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  1. Whitney
    Posted April 23, 2012 at 11:22 am | Permalink

    This is a very interesting post. I especially like that you discuss how the method of experimental science is expressive of our “meaningful inhabitation of the world,” as you put it. What came to mind as I was reading this is that modern science’s preference for power and manipulation over truth introduces the further issues of possession and authority as modes of “meaningful inhabitation.” If I look at something to determine what it can do for me, rather than allowing it to reveal itself, I make a claim on it, and in doing so I also implicitly assert my authority to make this claim. This is a common and destructive attitude towards natural resources, in part because it demands another claim to authority to counter it, as opposed to actually engaging with the truth (hence the frustratingly hopeless political debates surrounding environmental crises).

  2. Anton
    Posted April 23, 2012 at 2:39 pm | Permalink

    There is a distinction, though, to be made between the pure and applied sciences.

    Applied sciences, yes, are often the hijacking of pure scientific method by self-serving concerns for material or political gain. Something similar might be said of philosophy. Nietzsche’s work, for example, was hijacked and manipulated by the Nazis to rationalize the questionable ethics of their sociopolitical agenda. Where the pursuit of knowledge is changing, is largely in the advancement of our capacity to apply it and with that advancement, comes the danger of that application becoming increasingly misguided.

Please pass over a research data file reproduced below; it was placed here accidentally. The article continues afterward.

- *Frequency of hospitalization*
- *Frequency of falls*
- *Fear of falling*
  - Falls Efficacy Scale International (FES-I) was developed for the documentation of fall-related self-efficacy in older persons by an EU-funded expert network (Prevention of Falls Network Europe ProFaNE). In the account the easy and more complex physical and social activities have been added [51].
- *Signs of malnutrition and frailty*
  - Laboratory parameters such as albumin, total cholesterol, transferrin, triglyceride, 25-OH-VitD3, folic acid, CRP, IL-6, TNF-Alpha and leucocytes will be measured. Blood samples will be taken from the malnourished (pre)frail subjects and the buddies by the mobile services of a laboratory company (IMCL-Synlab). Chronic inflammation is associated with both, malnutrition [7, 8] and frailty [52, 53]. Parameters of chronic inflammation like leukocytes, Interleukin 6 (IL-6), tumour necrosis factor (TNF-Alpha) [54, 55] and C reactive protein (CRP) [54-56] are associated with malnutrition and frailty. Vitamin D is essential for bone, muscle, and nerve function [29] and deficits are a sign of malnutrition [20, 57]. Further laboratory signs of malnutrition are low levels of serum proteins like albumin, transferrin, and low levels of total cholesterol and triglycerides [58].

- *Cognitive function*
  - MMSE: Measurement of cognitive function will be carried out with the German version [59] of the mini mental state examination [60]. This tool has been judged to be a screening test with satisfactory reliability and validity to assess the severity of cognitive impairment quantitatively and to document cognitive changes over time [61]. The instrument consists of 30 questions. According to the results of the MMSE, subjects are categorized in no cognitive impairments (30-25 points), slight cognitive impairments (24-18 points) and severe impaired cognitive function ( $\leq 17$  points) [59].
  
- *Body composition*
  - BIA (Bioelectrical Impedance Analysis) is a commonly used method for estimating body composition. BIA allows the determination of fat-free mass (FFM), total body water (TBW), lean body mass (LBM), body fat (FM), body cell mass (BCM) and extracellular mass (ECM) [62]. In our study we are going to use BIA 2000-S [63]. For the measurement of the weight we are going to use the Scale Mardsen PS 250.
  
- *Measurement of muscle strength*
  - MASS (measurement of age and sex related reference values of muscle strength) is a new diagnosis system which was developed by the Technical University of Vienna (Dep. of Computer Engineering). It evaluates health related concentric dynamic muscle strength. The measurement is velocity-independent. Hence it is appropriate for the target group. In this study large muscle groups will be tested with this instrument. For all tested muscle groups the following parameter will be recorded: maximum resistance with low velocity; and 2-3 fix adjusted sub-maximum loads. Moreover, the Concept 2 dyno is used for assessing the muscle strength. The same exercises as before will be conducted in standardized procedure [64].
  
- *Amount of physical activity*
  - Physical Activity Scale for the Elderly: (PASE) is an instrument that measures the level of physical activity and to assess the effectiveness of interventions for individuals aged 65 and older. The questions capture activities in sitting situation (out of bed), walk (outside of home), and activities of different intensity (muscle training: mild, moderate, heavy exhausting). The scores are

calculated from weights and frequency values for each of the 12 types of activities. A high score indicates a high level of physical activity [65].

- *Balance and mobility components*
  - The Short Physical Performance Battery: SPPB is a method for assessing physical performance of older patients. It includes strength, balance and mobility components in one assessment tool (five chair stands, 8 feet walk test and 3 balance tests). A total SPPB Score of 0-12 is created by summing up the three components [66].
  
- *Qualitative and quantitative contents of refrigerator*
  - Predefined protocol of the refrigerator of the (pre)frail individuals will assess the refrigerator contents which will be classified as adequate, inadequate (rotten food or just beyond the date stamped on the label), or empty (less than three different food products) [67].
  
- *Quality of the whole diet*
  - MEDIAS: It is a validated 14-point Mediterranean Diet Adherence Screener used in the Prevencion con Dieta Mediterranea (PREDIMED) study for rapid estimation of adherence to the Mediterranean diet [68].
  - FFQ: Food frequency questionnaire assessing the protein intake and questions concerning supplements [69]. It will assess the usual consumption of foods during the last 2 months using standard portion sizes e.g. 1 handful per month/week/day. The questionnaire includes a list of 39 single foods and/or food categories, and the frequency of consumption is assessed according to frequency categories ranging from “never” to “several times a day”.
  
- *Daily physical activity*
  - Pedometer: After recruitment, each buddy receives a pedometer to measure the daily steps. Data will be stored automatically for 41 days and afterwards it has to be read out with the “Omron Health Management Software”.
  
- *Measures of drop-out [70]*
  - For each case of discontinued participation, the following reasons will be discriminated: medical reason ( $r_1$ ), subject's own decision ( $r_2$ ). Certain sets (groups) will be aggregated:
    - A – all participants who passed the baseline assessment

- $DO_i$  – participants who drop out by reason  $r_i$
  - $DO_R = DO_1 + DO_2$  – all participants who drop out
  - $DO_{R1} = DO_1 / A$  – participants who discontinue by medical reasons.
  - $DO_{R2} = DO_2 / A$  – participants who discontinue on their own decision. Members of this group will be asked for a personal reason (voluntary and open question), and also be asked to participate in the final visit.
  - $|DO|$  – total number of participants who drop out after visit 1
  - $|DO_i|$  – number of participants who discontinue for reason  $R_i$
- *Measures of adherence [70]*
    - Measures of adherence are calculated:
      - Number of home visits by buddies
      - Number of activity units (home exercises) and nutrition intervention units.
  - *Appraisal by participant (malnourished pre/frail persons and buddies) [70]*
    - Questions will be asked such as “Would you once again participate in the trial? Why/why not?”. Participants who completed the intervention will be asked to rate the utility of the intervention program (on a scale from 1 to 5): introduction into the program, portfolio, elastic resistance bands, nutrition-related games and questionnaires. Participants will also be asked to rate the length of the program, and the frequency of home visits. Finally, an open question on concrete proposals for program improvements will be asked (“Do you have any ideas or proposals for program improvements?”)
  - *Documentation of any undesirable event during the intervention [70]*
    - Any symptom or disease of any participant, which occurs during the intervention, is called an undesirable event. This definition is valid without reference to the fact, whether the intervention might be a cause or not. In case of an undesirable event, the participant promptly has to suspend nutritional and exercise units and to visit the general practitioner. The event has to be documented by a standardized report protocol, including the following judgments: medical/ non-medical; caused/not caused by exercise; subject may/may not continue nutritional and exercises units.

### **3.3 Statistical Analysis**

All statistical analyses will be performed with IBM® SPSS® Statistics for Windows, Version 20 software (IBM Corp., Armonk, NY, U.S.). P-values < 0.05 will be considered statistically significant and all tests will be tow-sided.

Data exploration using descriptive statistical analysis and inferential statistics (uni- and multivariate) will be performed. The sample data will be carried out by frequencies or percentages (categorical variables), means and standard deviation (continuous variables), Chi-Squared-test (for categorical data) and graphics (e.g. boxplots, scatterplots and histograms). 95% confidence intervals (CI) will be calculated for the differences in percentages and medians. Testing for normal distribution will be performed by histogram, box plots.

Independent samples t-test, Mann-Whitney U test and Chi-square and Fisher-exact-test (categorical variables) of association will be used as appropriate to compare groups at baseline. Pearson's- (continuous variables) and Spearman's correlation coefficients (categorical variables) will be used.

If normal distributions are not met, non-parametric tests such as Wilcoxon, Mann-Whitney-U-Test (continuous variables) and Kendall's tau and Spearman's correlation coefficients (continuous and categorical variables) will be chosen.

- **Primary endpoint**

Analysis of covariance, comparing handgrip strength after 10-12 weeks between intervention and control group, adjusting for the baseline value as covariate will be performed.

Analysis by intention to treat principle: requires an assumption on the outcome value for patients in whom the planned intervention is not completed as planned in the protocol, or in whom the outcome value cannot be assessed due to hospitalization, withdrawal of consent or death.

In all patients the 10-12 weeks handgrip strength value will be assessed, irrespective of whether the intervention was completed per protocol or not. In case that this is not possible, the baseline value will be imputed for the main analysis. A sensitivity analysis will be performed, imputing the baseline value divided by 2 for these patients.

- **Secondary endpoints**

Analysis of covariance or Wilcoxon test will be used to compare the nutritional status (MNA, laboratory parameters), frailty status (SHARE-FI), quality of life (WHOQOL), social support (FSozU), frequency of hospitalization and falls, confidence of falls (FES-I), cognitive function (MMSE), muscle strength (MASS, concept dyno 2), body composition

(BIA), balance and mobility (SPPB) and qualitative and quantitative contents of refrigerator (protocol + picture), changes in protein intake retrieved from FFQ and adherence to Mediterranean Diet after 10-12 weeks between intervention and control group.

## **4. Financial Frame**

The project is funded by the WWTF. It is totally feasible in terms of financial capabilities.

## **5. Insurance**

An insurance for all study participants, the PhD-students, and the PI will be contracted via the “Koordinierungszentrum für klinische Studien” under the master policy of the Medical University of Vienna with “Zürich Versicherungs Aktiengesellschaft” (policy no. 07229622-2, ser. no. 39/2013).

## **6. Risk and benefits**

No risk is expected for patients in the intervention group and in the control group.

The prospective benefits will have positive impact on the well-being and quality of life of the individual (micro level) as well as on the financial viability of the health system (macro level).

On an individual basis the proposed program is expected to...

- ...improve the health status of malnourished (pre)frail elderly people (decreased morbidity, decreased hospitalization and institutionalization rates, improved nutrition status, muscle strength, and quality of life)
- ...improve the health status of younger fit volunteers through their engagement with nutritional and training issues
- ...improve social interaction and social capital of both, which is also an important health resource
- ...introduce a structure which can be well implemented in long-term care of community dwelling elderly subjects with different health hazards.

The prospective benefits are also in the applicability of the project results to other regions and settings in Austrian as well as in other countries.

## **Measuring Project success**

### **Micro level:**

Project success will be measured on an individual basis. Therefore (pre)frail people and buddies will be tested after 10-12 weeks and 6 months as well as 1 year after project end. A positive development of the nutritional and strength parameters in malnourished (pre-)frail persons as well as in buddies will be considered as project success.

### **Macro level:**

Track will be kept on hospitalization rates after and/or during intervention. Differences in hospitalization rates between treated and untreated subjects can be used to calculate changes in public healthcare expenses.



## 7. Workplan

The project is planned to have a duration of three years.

Science will help to produce a fantastic military aircraft. Pay no mind, though, to the man behind the curtain, the questionable ethics of its intended application. Focus instead on what a terrific machine your tax dollars can produce.

    The answers to this would seem to be mindfulness and vigilance. This is where the apparent decline in proportional support of study in humanities becomes dangerously unfortunate.

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The Toronto Seminar

I am deeply committed to the idea that philosophy is a cooperative activity and an inherently fulfilling one. For this reason, I encourage activities of philosophical study in which, through conversation, a community develops in which each participant experiences her or his thinking to be elevated beyond the level she or he could achieve alone, and in which study and social life are closely interwoven.